Melvill reported that the flight director system (called a TONU) was developed completely in-house by a couple of 29-year-old programmers, and is absolutely fantastic to fly. On the second flight, Mr. Wall noted that Brian Binnie had re-booted the TONU just before the landing approach and it took quite a while for it to come back up. Melvill explained that during re-entry, the TONU loses its GPS lock. It keeps trying to go back to catch up, re-interpolate and compensate for the missing data, and this keeps it a little behind in its actual position calculations.

The pilots have no straight-ahead vision and so they have a real issue landing: they can't see the runway! To land, they fly directly down the runway at 9,000 feet; then do a military style break and fly a full 360-degree pattern right to the landing. The TONU gives the pilot a "blue line" to follow and a target airspeed (which produces a given rate of descent). When the pilot follows the blue line to the break point and through the two 180 degree turns, the ship will fly right onto the runway at what ever touchdown point the pilot selects.

SpaceShipOne pilots don't wear pressure suits. The cabin has two needle valves and two compressed dry-air bottles - primary and backup - to control cabin pressurization. The cabin leaks slowly however and, to control internal pressure, Melvill had to manually adjust the valves as outside pressure changed. The higher he went, the greater the pressure difference, the faster air leaked out, and the wider the valves needed to be opened to compensate. Then, as he re-entered, air leaked more slowly and the needle valves had to be closed. If not careful, he could have come down with cabin pressure at over 6000 ft. below sea level: popping of ears and decompression problems could result. But Melvill says that, if he's careful, the cabin pressure will match the airport altitude when he lands. There is just an internal altimeter that he uses for reference.

Melvill does wear an oxygen mask that is a standard issue Air Force diluter/demand system. But since the cabin is pressurized at close to sea-level pressure, they almost never use any oxygen: he's just breathing cabin air through the mask. They do use a return hose though, to remove CO2 by running it through a CO2 scrubber. Otherwise, they would have CO2 buildup in the cabin and asphyxiate. So they wear a mask to handle the CO2 and for safety just in case of emergency depressurization.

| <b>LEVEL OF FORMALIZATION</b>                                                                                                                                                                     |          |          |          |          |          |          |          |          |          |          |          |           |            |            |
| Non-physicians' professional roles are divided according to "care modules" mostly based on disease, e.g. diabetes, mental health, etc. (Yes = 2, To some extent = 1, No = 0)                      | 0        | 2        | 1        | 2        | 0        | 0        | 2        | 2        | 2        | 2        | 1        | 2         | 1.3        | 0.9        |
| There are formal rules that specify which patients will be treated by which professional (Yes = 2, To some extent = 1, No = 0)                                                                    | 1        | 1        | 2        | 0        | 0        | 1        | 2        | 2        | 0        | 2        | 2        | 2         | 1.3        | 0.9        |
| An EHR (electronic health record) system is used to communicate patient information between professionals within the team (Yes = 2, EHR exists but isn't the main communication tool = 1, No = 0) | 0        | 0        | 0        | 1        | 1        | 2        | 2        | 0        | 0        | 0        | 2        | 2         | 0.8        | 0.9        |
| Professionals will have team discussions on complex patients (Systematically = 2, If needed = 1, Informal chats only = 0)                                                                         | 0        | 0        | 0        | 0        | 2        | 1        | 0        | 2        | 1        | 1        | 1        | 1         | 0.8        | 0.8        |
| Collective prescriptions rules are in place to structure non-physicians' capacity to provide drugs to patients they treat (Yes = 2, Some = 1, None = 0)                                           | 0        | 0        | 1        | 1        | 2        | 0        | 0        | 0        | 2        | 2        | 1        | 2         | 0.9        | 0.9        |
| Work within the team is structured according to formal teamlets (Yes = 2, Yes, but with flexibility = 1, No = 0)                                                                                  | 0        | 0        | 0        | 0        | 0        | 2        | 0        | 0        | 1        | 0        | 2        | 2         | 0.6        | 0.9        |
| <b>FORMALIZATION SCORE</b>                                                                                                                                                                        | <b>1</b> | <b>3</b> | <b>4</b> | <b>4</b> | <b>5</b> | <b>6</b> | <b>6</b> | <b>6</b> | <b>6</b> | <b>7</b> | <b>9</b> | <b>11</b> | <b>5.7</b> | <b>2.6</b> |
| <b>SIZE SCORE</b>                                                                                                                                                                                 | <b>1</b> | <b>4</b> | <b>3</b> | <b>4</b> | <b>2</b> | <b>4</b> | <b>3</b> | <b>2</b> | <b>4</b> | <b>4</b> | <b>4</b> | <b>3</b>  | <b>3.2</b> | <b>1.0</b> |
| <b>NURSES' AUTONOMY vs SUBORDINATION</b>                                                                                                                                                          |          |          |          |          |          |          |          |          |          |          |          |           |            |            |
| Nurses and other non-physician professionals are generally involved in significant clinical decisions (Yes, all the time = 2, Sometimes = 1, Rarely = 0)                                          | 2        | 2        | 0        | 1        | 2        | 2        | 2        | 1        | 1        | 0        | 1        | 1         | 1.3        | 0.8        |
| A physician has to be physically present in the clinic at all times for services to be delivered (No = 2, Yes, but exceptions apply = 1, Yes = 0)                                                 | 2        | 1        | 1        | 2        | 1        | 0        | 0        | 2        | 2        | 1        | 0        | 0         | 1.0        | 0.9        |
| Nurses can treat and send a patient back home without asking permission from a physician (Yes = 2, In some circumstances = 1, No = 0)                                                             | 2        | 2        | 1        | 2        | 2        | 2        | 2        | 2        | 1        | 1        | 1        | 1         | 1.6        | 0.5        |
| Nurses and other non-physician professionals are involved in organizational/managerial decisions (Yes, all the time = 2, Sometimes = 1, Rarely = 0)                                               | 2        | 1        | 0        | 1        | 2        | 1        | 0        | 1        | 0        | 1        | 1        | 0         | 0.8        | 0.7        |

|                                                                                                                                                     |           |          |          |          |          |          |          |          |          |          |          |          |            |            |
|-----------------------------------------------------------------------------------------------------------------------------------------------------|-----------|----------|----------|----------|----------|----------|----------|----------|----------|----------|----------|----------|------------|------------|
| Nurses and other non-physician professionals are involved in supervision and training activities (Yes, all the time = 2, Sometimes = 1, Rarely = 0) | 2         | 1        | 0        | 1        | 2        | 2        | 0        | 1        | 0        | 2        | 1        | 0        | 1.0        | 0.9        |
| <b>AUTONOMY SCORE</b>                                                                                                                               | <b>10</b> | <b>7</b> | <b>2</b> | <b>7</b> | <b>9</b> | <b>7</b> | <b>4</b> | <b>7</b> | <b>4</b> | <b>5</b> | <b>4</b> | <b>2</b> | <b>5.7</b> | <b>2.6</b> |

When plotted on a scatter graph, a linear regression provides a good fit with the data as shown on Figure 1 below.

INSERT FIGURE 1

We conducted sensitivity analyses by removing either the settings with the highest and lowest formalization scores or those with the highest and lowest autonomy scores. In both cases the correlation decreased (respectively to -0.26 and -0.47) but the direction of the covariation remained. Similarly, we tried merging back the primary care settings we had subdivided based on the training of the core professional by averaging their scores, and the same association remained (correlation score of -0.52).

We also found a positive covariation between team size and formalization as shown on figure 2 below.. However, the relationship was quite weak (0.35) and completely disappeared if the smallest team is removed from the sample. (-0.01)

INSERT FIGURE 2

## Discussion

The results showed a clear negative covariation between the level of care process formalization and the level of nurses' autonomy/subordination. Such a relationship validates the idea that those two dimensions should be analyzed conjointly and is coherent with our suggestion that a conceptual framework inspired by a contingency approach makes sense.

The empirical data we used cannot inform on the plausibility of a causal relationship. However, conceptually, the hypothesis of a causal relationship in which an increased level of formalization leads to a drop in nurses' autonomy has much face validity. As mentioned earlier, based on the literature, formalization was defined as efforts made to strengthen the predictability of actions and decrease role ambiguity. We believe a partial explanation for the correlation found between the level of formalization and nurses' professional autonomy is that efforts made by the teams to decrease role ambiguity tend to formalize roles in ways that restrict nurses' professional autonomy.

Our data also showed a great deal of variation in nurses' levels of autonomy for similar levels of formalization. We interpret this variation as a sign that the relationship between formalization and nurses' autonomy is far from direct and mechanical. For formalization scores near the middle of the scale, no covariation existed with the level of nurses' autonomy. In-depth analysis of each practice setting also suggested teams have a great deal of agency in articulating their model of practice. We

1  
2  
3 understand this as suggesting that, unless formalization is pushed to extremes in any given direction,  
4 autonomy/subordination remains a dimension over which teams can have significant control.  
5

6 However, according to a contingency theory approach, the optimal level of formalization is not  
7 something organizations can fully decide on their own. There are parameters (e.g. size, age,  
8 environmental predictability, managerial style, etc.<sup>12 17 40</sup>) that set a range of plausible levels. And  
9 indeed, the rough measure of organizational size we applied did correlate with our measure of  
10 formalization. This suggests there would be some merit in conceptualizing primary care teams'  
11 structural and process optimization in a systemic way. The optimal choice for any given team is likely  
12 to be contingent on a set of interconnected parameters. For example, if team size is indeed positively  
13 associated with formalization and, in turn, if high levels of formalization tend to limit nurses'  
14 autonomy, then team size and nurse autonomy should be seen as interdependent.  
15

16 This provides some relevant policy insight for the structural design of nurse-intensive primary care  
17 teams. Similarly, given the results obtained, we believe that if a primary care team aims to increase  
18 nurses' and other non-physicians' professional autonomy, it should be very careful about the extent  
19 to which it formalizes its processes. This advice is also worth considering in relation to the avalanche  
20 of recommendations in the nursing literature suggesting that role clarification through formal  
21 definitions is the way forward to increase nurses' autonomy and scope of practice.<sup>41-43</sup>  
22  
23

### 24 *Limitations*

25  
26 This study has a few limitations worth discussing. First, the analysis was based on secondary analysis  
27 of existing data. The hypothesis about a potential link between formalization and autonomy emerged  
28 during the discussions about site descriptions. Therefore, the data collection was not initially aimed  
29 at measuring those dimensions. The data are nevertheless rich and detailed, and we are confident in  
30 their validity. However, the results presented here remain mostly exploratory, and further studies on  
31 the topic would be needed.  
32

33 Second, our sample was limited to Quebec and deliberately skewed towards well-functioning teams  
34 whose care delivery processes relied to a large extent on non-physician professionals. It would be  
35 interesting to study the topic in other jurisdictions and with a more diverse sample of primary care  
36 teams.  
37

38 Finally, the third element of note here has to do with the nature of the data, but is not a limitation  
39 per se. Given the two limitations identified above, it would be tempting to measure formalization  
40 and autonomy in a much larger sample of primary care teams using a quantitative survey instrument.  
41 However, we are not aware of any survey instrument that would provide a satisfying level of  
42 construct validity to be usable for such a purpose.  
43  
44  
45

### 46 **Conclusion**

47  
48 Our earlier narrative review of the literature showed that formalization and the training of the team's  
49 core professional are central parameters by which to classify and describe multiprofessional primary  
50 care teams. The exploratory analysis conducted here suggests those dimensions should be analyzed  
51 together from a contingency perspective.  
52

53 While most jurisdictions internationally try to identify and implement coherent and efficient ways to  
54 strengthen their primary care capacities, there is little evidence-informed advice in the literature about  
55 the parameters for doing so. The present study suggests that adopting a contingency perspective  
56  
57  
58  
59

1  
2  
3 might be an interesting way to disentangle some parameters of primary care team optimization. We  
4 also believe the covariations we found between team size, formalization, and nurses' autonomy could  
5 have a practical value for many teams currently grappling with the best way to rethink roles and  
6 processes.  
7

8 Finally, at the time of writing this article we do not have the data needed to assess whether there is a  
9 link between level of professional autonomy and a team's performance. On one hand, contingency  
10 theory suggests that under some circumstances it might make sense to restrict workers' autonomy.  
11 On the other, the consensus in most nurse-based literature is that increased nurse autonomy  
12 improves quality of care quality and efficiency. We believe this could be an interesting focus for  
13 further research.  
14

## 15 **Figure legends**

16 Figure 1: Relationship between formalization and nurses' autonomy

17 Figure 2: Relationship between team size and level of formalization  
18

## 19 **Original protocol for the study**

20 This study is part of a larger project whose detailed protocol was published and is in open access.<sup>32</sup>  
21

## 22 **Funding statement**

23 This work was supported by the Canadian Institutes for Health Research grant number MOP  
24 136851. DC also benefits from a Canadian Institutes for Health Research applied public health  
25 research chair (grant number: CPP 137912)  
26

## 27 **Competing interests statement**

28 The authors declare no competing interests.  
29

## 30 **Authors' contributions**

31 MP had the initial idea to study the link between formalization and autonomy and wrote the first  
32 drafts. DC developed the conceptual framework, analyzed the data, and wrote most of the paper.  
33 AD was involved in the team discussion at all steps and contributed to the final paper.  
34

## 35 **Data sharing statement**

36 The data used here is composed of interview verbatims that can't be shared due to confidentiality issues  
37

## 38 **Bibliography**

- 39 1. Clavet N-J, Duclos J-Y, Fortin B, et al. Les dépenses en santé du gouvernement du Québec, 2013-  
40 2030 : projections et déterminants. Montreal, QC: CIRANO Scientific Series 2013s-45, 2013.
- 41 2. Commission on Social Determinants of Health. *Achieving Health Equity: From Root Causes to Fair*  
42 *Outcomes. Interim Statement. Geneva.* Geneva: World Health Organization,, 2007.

An interesting side effect of having a pressurized cockpit involves escape in case of emergencies. To bail out, the pilot must go through the nose: the nose cone comes off. It twists onto a round bracket, forming a seal with the crew compartment, and a latch handle locks it on. To get it off, they must first depressurize the cabin to release the seal enough to be able to twist it off. They then can unlock it and twist it open. But they then re-pressurize to actually force the nose off. Only then could they get out.

Melvill talked in detail about the rocket motor, and showed photos of its insides after firing. The nozzle throat actually ablates as the motor burns, enlarging the interior throat diameter as the burn progresses. He described the problem they had on the June 21 flight: The rocket motor nozzle was skewed by about - degree to one side. This generated a surprisingly high lateral torque trying to turn the aircraft. If it had been up or down pitch rather than lateral, the controls could have handled it; but the lateral yawing forces were too great for Melvill to compensate as the atmosphere thinned. The result was that he was pretty far off course.

For one of the pre-flight static burn tests, fire and safety crews were standing a - mile away, ready to duck if anything went wrong. In the middle of the test, Melvill and Burt Rutan walked to the front of the motor assembly and felt the pressure vessel that contains the N2O. Melvill said he knew he was going to have this motor strapped onto his back soon and he wanted to know how much it vibrated, how hot it got, and how loud it was. It was deafening, literally. It turns out that, with the nozzles they use at high altitudes, it's actually not that noisy inside the spacecraft, but Melvill still wears hearing protection.

Scaled Composites fabricated the rocket motor case themselves. The Liquid Nitrous Oxide tank (which is also the structural core of the spacecraft) and the nozzle injector head assembly, were manufactured by outside vendors.

Mike Melvill was the first civilian private pilot to receive FAA-issued Astronaut wings. He holds Civilian Astronaut license #1 for his first flight into space, on June 21. He has twice been awarded the Ivan C. Kincheloe trophy by his fellow test pilots, first in 1999 for his work on developmental high altitude flight testing of the Proteus Aircraft, and again in 2004 for his SpaceShipOne flight testing. He was Program Manager of the Voyager non-stop around-the-world flight. The 63 year-old is Vice President and General Manager of Scaled Composites.